Simon Birch

While it's true that interesting books rarely make interesting movies, they can, in the right hands, be dumbed down into perfectly good family entertainment. Writer-director Mark Steven Johnson has just those hands: He's taken John Irving's beloved and deeply religious novel, A Prayer for Owen Meany, and turned it into a nicely played but wholly unadventurous...read more

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Reviewed by Ken Fox
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While it's true that interesting books rarely make interesting movies, they can, in the right hands, be dumbed down into perfectly good family entertainment. Writer-director Mark Steven Johnson has just those hands: He's taken John Irving's beloved and deeply

religious novel, A Prayer for Owen Meany, and turned it into a nicely played but wholly unadventurous film that's as spiritually edifying as Touched by an Angel. In the kind of idyllic New England town that only Pepperidge Farm remembers -- pristine clapboard houses, gleaming church

steeples, autumn leaves year-round -- an adult Joe Wenteworth (Jim Carrey) recalls the events of his 12th year and his best friend Simon Birch (Ian Michael Smith). At birth, Simon was the smallest baby the town had ever seen (his mother's labor consisted of a single sneeze) and he would never grow

to normal size. But Simon, a child of unshakable faith, grows convinced of one thing: God has special plans for him, and He custom-made Simon extra-small to better serve as His instrument. Simon's conviction only grows stronger after he innocently serves as an angel of destruction, accidentally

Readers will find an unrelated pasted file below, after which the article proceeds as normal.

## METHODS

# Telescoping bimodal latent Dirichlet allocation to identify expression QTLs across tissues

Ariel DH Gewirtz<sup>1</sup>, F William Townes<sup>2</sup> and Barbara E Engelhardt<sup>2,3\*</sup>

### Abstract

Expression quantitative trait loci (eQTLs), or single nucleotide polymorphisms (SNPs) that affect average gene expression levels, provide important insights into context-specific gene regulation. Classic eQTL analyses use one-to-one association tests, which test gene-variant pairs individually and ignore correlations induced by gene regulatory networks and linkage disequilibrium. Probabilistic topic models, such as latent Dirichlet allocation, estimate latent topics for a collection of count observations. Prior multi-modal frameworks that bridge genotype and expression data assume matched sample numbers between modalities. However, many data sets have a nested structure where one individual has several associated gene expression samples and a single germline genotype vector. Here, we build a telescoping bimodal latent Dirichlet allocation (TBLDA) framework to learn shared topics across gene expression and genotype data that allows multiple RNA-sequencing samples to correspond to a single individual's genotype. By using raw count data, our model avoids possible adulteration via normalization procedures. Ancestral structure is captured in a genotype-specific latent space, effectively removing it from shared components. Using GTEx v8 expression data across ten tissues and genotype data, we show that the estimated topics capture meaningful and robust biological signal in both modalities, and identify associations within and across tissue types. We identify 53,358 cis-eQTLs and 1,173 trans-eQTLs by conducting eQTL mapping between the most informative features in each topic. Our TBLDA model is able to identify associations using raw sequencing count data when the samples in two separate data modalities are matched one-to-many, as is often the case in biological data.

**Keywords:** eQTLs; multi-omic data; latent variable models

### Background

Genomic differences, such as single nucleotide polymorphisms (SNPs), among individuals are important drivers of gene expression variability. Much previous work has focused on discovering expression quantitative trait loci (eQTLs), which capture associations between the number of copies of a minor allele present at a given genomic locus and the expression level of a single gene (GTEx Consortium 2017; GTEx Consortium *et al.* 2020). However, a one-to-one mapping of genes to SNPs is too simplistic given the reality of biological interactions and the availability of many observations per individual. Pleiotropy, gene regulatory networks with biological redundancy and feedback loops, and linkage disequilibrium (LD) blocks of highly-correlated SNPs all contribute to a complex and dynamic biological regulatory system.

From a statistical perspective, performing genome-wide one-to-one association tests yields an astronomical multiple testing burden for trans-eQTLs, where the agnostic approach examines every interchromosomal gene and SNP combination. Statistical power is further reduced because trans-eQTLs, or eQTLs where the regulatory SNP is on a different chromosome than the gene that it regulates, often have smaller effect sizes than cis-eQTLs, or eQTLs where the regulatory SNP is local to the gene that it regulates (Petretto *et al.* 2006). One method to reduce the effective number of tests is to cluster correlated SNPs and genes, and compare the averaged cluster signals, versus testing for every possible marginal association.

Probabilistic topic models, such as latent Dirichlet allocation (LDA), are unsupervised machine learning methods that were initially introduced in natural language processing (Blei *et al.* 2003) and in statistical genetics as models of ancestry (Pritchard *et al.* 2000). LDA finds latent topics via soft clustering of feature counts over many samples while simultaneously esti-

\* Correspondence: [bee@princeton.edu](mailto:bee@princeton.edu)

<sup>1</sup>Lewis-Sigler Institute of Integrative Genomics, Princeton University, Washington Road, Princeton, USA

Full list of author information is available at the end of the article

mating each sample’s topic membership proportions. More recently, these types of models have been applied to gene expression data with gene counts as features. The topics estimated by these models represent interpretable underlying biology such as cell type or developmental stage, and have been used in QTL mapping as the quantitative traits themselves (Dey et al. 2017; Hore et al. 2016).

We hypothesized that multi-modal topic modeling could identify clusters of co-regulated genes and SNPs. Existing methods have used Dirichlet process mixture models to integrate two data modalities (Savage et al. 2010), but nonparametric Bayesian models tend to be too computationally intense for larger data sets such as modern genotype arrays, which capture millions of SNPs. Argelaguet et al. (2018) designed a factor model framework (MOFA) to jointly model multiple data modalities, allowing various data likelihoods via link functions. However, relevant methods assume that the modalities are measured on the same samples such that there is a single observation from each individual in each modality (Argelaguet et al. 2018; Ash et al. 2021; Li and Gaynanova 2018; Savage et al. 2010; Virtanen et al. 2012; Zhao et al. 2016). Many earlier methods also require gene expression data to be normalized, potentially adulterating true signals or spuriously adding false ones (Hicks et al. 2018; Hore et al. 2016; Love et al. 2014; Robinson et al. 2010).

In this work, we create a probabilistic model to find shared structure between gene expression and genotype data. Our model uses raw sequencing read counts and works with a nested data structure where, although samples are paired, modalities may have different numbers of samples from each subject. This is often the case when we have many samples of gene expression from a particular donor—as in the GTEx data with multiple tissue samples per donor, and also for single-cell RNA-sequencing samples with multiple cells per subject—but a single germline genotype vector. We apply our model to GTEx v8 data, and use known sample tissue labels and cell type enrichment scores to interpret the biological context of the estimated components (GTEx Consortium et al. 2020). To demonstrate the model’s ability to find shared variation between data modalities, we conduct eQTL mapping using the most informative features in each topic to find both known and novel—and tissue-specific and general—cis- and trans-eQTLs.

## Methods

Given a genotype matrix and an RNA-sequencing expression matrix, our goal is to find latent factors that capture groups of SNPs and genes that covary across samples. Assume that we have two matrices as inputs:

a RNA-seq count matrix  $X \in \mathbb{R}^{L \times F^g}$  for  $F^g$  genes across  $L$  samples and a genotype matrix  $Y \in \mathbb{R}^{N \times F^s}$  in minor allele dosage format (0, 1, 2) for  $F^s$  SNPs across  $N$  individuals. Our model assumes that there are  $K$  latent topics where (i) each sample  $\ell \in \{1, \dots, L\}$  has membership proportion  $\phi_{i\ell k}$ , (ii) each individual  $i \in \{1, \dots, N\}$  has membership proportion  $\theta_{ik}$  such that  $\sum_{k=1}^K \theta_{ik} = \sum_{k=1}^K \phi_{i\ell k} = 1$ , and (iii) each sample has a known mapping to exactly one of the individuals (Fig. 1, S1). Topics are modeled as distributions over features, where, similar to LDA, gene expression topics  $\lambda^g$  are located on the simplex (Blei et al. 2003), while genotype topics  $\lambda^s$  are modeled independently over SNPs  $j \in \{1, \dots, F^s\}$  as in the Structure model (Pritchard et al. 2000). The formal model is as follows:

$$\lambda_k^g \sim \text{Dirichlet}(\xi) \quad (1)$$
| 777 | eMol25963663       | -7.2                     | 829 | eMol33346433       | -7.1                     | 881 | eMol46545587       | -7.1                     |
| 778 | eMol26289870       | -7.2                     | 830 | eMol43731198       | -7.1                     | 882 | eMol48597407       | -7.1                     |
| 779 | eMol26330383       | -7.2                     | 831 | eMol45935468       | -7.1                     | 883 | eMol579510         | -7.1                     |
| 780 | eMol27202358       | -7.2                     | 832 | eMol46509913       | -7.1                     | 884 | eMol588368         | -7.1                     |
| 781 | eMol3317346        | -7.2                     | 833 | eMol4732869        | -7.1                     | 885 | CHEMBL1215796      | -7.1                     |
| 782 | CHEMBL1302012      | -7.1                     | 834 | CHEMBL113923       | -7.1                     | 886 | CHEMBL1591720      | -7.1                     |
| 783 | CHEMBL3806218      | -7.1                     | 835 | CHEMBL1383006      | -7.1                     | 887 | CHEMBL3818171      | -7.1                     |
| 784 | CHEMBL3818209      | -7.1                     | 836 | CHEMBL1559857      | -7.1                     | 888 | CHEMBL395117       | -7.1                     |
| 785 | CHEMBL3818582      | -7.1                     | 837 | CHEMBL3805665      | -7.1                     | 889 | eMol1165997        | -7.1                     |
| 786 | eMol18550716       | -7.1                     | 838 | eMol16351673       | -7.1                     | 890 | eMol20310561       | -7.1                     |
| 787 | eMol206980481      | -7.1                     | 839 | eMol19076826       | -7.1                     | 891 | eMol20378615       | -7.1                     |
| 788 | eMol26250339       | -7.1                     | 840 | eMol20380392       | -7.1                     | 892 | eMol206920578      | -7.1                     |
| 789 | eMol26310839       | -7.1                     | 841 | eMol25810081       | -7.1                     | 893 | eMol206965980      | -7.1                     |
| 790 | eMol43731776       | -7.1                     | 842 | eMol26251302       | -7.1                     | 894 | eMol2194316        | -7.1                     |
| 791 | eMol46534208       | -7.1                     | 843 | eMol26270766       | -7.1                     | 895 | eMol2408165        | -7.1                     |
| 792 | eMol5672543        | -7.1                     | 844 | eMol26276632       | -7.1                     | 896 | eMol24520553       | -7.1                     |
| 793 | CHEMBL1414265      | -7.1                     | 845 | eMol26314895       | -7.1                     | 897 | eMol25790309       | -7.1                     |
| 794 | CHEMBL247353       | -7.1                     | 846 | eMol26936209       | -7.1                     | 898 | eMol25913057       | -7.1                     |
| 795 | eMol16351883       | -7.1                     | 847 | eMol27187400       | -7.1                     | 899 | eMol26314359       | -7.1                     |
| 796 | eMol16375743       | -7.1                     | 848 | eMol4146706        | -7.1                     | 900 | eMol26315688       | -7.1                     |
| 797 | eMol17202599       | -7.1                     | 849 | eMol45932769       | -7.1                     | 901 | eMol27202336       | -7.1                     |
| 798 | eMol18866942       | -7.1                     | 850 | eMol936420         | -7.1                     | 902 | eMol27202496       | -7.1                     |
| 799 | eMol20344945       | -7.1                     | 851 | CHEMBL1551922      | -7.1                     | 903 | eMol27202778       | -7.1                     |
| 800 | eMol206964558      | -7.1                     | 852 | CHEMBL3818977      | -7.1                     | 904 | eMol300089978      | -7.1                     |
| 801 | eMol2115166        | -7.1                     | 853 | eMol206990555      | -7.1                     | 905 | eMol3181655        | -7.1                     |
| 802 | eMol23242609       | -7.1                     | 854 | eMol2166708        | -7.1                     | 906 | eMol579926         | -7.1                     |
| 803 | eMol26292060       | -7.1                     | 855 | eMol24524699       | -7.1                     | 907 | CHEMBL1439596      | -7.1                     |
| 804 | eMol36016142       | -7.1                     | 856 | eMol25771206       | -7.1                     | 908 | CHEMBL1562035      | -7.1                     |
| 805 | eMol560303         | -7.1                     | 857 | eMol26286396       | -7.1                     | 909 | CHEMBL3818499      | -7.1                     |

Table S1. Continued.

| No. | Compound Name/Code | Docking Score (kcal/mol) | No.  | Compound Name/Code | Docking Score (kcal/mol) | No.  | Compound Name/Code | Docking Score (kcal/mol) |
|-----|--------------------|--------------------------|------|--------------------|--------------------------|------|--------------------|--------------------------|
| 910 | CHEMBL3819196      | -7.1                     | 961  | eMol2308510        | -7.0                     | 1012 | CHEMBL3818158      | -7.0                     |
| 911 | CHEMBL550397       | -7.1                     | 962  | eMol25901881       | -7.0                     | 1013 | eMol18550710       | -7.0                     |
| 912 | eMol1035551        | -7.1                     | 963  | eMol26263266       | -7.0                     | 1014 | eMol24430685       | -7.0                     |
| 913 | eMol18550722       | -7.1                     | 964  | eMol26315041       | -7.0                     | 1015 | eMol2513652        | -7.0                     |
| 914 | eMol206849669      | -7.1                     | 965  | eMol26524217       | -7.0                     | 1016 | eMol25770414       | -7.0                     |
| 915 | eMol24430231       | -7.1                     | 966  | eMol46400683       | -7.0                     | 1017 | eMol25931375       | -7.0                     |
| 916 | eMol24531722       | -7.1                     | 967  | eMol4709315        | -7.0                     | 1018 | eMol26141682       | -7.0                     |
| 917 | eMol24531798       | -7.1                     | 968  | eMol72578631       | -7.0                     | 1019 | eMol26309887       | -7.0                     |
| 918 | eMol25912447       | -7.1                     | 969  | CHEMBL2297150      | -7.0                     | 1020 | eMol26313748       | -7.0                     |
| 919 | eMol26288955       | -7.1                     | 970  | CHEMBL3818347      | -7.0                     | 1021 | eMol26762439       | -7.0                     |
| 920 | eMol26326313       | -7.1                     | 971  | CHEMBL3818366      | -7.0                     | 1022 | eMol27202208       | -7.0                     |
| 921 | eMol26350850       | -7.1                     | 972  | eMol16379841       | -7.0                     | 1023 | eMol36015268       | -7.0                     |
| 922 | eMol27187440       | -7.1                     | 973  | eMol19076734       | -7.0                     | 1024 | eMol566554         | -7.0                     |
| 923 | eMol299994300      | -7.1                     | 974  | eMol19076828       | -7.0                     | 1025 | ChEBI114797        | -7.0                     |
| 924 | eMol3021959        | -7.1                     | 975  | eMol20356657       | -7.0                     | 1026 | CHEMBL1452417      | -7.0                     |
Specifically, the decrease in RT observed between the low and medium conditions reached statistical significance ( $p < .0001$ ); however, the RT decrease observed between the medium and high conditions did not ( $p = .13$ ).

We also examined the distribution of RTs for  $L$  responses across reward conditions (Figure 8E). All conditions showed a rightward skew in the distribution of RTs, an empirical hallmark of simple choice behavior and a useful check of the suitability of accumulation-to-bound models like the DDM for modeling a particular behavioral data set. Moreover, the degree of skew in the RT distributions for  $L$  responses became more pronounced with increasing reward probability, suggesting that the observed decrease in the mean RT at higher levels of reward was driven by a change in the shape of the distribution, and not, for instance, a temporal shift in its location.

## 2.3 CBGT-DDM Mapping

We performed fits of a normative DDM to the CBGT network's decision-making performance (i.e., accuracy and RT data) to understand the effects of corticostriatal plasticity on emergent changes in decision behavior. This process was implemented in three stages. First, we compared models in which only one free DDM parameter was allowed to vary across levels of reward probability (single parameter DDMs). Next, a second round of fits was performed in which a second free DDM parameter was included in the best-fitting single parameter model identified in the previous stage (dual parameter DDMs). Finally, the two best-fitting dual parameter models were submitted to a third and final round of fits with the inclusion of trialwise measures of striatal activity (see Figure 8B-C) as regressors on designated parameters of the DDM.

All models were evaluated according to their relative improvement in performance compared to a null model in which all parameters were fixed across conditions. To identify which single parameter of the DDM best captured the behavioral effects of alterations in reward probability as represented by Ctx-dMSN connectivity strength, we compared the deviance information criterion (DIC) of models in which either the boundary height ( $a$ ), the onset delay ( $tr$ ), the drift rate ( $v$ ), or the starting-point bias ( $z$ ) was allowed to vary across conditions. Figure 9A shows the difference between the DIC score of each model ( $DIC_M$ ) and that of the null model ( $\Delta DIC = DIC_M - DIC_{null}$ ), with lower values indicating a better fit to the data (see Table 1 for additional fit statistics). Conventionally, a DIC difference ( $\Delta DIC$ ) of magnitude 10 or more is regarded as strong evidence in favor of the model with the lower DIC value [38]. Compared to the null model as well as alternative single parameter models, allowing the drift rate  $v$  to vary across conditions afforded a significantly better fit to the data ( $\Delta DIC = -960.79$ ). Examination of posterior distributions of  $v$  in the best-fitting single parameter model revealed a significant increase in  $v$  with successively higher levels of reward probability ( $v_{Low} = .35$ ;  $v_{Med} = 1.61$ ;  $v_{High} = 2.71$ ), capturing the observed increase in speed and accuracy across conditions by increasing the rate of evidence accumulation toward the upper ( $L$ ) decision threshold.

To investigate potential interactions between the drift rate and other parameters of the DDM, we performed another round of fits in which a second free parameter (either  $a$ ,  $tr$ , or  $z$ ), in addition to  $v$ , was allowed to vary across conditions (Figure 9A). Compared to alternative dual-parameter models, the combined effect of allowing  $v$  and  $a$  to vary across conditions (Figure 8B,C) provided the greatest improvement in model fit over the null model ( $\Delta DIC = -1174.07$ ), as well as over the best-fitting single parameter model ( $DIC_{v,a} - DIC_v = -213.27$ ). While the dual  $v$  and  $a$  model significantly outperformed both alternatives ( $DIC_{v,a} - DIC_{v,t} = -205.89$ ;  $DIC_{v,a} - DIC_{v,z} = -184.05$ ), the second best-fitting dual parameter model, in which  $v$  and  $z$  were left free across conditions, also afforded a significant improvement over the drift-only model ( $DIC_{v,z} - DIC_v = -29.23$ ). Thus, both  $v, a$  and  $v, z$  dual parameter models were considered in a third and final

causing the death of young Joe's (Joseph Mazzello) mother (Ashley Judd). It's a pretty loose adaptation of the original novel (the credits claim that it's "suggested" by Irving's book), but it's not loose enough to avoid comparisons, and Owen Meany's legion of fans will not be pleased.

Irving's dead-serious sense of spiritual purpose is here replaced with weepy sentiment and saccharine comedy. But knee-deep in syrup, the film manages to stand on its own -- mainly due to a terrific performance from young Smith and a host of winning supporting players. Dana Ivey scores as Joe's

grandmother, a humorously humorless New England matron, and Jan Hooks, as a harried Sunday-school teacher, provides the film with a few genuine, laugh-out-loud moments.

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  • Released: 1998
  • Rating: PG
  • Review: While it's true that interesting books rarely make interesting movies, they can, in the right hands, be dumbed down into perfectly good family entertainment. Writer-director Mark Steven Johnson has just those hands: He's taken John Irving's beloved and dee… (more)

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